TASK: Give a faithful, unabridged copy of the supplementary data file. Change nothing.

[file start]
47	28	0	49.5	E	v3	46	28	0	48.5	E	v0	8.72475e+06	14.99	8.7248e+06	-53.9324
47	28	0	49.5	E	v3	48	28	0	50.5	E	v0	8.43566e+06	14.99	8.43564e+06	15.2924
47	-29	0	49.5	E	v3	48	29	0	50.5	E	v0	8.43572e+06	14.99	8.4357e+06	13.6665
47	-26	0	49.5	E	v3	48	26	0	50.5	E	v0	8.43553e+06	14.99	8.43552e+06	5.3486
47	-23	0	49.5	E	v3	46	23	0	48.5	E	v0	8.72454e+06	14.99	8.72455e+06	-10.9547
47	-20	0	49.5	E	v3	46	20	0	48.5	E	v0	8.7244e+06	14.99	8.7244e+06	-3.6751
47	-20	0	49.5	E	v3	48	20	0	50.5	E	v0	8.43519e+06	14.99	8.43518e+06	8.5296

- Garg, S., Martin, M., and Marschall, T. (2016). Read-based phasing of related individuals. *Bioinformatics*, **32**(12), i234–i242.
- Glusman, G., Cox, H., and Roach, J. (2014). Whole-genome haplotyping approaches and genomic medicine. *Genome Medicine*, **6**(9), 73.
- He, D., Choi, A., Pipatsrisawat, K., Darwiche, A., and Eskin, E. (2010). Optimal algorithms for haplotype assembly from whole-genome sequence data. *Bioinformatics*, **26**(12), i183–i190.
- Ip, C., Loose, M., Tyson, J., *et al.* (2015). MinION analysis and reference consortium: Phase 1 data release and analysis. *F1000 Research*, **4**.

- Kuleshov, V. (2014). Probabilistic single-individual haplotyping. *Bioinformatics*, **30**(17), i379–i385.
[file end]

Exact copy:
47	28	0	49.5	E	v3	46	28	0	48.5	E	v0	8.72475e+06	14.99	8.7248e+06	-53.9324
47	28	0	49.5	E	v3	48	28	0	50.5	E	v0	8.43566e+06	14.99	8.43564e+06	15.2924
47	-29	0	49.5	E	v3	48	29	0	50.5	E	v0	8.43572e+06	14.99	8.4357e+06	13.6665
47	-26	0	49.5	E	v3	48	26	0	50.5	E	v0	8.43553e+06	14.99	8.43552e+06	5.3486
47	-23	0	49.5	E	v3	46	23	0	48.5	E	v0	8.72454e+06	14.99	8.72455e+06	-10.9547
47	-20	0	49.5	E	v3	46	20	0	48.5	E	v0	8.7244e+06	14.99	8.7244e+06	-3.6751
47	-20	0	49.5	E	v3	48	20	0	50.5	E	v0	8.43519e+06	14.99	8.43518e+06	8.5296

- Garg, S., Martin, M., and Marschall, T. (2016). Read-based phasing of related individuals. *Bioinformatics*, **32**(12), i234–i242.
- Glusman, G., Cox, H., and Roach, J. (2014). Whole-genome haplotyping approaches and genomic medicine. *Genome Medicine*, **6**(9), 73.
- He, D., Choi, A., Pipatsrisawat, K., Darwiche, A., and Eskin, E. (2010). Optimal algorithms for haplotype assembly from whole-genome sequence data. *Bioinformatics*, **26**(12), i183–i190.
- Ip, C., Loose, M., Tyson, J., *et al.* (2015). MinION analysis and reference consortium: Phase 1 data release and analysis. *F1000 Research*, **4**.

- Kuleshov, V. (2014). Probabilistic single-individual haplotyping. *Bioinformatics*, **30**(17), i379–i385.